Erin Dupee, who grew up in Scarborough, has found a way to again thank the Scarborough police officer who was her lifeline after she was targeted by someone she thought was a friend. Courtesy / Renata O’Donnell Photography

SCARBOROUGH — More than two decades after a horrific sexual assault changed her life forever, an innocuous post on Facebook about a dog has prompted a former Scarborough resident to reach out with a message of thanks to Scarborough police  – and a message of empowerment to other victims who might be afraid to come forward.

It is The Forecaster’s policy not to identify victims of crimes, but Dupee agreed to tell her story to help survivors such as herself.

“You shouldn’t have to carry that alone,” said Erin Dupee. “It’s too much.”

Dupee remembers the day clearly: Dec. 19, 1994. She was 19 years old at the time, and had just come across town to meet a male friend who had asked her to help him with a college paper.

When she arrived, he called for her to come in and come down to the basement.

“He leapt around the wall and put a gun to my head and said, ‘Just do everything I say, and you’ll be OK,'” Dupee, now 46, recalled. “All I can remember vividly at the time was, all the time he made me do these things, the gun was to my temple.”

After it was over,  she remembered a jumble of emotions, most of all fear, that kept her from saying something to her mother as soon as she got home.

But she did call a friend, who encouraged her to do the right thing. Dupee’s mother called the police, the man was arrested and he paid for his crime.

This week, more than 25 years later, Dupee said she was recently compelled to thank the department, particularly the officer who literally held her hand 26 years ago.

The officer was Marla St. Pierre. Now retired, in 1994 she was a sergeant, and one of the first to arrive at Dupee’s house after Dupee’s mother called police. From the beginning, St. Pierre said, Dupee seemed to be a strong person, in spite of what had happened.

“She was a fighter,” St. Pierre said.

Dupee said she recalled St. Pierre did her job as an investigator, pressing for details and information, but it was unlike anything she had seen in the movies or on TV.

“She did it in a kind, gentle, female way,” she said.

Dupee credited St. Pierre with comforting her, even as Dupee went to the hospital.

“Marla didn’t have to stay, but Marla stayed. She held my hand,” Dupee said.

Scarborough Police Chief Robbie Moulton said even after retiring, St. Pierre still maintains ties with the department, and with the help of a local breeder, Leanne Dohler, helped secure and donate a “comfort dog” to the department in 2019. While not trained as a service animal, Moulton said the dog helps with crime victims, or even officers who have been through traumatic events.

The department, in a post on Facebook in November 2019, announced the dog’s new name, “Marlea,” which Moulton said was a combination of St. Pierre and Dohler’s first names.

Dupee donated a drawing of Marlea, the comfort dog donated to the Scarborough Police Department. Courtesy / Olivia Nicol

Dupee, upon reading the post, felt a compulsion to acknowledge what St. Pierre and the department did for her so many years ago, but didn’t know how until an artist friend offered to draw the pup as a gift to the department. On Dec. 19, 2020, 26 years to the day after the incident, Dupee delivered the drawing, along with a handwritten note to Moulton, the department, and St. Pierre.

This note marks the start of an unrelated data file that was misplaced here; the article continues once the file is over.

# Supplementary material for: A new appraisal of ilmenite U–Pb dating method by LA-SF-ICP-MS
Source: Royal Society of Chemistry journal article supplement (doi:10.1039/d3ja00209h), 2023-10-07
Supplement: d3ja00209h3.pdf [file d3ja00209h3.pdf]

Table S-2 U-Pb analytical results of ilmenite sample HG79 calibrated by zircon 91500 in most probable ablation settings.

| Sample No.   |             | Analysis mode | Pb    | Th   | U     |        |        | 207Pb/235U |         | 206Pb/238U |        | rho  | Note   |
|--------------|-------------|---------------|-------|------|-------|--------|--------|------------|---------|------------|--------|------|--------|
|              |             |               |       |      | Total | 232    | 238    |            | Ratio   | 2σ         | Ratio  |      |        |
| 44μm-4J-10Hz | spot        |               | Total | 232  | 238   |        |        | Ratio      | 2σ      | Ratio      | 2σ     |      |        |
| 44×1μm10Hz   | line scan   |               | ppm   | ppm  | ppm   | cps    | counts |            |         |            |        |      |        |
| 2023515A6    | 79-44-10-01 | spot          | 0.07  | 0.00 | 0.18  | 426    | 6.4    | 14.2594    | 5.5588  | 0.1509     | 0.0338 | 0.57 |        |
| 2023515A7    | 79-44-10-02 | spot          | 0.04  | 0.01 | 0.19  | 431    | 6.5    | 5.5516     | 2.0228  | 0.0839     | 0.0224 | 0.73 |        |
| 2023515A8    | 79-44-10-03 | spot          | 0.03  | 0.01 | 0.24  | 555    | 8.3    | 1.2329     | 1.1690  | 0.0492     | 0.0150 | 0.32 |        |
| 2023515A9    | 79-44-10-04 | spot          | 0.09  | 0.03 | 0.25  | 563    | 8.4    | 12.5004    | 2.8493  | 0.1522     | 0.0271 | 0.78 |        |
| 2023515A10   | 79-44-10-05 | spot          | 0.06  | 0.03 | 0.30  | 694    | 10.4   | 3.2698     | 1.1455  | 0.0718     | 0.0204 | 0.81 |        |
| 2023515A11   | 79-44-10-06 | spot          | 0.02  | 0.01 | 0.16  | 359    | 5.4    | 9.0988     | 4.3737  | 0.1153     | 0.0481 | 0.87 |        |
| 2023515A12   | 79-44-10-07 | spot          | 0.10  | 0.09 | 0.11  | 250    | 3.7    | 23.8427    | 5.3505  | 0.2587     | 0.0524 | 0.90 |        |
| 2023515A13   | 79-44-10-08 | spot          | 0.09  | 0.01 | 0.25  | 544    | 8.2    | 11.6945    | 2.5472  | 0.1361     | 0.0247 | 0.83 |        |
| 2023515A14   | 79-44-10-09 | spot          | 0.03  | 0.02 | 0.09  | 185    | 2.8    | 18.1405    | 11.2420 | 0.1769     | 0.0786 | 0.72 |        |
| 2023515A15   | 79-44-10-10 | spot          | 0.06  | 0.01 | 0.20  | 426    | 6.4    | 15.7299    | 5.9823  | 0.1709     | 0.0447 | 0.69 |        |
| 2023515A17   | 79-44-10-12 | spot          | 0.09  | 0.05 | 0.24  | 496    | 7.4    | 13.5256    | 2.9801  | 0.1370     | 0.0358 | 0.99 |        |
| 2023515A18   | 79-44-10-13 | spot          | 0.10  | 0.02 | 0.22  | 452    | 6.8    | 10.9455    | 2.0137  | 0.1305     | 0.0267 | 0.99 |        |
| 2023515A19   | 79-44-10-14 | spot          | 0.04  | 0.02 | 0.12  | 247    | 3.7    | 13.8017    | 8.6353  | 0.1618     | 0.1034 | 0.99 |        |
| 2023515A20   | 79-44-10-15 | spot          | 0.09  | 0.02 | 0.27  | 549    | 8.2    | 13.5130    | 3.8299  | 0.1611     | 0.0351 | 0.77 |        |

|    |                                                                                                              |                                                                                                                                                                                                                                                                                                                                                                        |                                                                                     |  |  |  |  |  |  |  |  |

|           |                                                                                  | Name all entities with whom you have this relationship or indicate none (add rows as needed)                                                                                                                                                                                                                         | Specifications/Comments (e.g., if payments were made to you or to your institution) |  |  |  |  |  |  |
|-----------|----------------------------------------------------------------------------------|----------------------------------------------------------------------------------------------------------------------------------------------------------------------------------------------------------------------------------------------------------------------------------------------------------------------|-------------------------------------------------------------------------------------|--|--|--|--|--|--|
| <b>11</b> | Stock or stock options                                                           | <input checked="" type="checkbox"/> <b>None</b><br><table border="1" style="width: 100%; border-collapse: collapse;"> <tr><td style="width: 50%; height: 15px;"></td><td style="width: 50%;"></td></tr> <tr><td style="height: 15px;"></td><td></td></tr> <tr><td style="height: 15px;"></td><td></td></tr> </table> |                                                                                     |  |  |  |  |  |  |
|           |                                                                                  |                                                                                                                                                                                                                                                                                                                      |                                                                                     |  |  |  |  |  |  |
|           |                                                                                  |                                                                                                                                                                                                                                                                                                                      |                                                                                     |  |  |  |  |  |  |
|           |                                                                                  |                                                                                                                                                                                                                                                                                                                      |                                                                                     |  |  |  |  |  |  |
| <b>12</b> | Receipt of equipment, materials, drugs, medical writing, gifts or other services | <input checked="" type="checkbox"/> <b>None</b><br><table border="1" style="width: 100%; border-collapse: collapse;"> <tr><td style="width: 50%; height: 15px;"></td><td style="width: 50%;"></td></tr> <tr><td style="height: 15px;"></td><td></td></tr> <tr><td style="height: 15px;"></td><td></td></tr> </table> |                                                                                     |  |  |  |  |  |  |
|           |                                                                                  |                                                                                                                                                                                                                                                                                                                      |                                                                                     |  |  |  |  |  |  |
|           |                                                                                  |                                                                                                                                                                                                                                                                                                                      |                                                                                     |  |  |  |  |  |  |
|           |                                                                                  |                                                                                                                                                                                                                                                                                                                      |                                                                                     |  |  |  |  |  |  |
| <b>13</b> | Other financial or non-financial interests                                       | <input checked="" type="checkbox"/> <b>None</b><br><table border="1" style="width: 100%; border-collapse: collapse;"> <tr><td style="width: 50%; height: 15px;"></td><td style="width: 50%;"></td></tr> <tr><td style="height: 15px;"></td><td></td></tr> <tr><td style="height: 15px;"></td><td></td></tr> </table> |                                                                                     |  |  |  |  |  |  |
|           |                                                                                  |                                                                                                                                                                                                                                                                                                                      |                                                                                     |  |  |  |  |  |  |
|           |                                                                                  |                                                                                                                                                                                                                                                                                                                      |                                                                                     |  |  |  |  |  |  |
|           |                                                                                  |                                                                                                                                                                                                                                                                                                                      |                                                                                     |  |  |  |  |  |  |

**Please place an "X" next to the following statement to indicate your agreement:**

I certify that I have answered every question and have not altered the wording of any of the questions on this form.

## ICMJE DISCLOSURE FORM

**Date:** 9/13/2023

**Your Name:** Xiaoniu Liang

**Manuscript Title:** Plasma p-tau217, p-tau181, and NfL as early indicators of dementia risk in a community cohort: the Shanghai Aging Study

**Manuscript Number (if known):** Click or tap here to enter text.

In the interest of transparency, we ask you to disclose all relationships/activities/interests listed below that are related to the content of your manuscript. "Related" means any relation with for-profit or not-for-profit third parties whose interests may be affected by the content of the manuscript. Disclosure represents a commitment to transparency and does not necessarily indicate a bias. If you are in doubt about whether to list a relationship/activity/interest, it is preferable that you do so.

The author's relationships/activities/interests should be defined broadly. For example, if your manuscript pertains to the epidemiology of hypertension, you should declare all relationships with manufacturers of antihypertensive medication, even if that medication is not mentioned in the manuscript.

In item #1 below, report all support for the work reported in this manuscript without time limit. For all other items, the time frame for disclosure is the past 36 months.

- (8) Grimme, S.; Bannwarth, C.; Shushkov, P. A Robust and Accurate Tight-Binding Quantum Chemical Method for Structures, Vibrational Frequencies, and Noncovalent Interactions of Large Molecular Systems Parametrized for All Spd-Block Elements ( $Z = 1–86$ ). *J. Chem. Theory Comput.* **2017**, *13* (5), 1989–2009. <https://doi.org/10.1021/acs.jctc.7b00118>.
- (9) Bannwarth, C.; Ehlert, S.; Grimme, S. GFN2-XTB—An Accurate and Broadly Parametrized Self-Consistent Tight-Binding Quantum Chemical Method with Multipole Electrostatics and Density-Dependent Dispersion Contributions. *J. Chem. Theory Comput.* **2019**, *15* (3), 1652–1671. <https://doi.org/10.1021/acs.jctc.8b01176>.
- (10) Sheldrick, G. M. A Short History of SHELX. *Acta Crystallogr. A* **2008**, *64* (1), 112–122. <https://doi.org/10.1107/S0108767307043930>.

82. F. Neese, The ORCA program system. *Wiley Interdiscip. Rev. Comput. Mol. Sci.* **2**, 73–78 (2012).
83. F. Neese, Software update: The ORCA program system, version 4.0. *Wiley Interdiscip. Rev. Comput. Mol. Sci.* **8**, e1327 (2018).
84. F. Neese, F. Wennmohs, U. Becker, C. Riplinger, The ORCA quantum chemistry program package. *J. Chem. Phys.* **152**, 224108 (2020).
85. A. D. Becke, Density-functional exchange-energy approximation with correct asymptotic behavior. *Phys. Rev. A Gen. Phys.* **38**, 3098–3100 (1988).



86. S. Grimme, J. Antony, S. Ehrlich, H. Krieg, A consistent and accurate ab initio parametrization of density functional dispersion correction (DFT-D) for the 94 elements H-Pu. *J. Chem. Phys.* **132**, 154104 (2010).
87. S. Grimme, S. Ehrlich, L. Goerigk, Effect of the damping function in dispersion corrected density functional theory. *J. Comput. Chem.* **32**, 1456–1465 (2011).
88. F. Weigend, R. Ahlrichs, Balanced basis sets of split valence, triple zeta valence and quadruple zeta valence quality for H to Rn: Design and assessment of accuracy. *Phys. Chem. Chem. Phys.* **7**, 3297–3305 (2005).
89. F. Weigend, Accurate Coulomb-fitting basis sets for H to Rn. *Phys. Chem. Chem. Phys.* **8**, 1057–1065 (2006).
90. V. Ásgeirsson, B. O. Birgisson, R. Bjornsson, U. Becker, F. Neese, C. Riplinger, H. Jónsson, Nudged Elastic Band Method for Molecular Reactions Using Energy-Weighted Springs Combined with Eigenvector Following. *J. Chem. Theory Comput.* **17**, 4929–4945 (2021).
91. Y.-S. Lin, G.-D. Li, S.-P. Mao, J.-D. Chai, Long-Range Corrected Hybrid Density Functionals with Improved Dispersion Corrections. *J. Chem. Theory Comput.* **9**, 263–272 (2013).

“Officer St. Pierre was there for my family and I through one of the most horrifying times of our lives,” Dupee wrote.

St. Pierre said this week that Dupee’s letter speaks to her personal strength.

“I continue to be amazed at her resiliency,” she said. “A lot of victims don’t want to tell their story.”

But Dupee has. She has talked about her experience to emergency room doctors at Maine Medical Center, and contributed to a public service film that has since been shown at colleges statewide. Now living in Old Orchard Beach with her husband and two children, Dupee works as a special education teacher at Old Orchard Beach High School, but the road to recovery has not been easy.

“It’s been a lot of hard work, a lot of anxiety, a lot of panic attacks, a lot of post-traumatic stress,” she said.

The Maine Coalition Against Sexual Assault estimates one in five Mainers will experience a sexual assault at some point in their lives, and 14,000 Mainers each year will experience sexual violence.

However, the Maine Department of Public Safety’s 2018 Crime in Maine report indicates only 448 rapes or attempted rapes were reported to Maine law enforcement in 2017.

St. Pierre encouraged any victims of a sexual assault to reach out to local police.

“They should always seek the assistance of the police, and not be ashamed or embarrassed by it,” she said.

Dupee said she’s glad she spoke out.

“I just can’t imagine where I’d be and what my life would be like if I hadn’t told,” she said.

Dupee said if victims don’t want to talk to the police, they should speak to a parent, sibling, friend, therapist – anyone. Moulton emphasized the need to come forward, and that the police are there to help, just as they were for Dupee.

“As scary as it may be, we will be there, we will listen, we will believe you, and we will support you,” he said.

Sean Murphy 780-9094

Email: [email protected]

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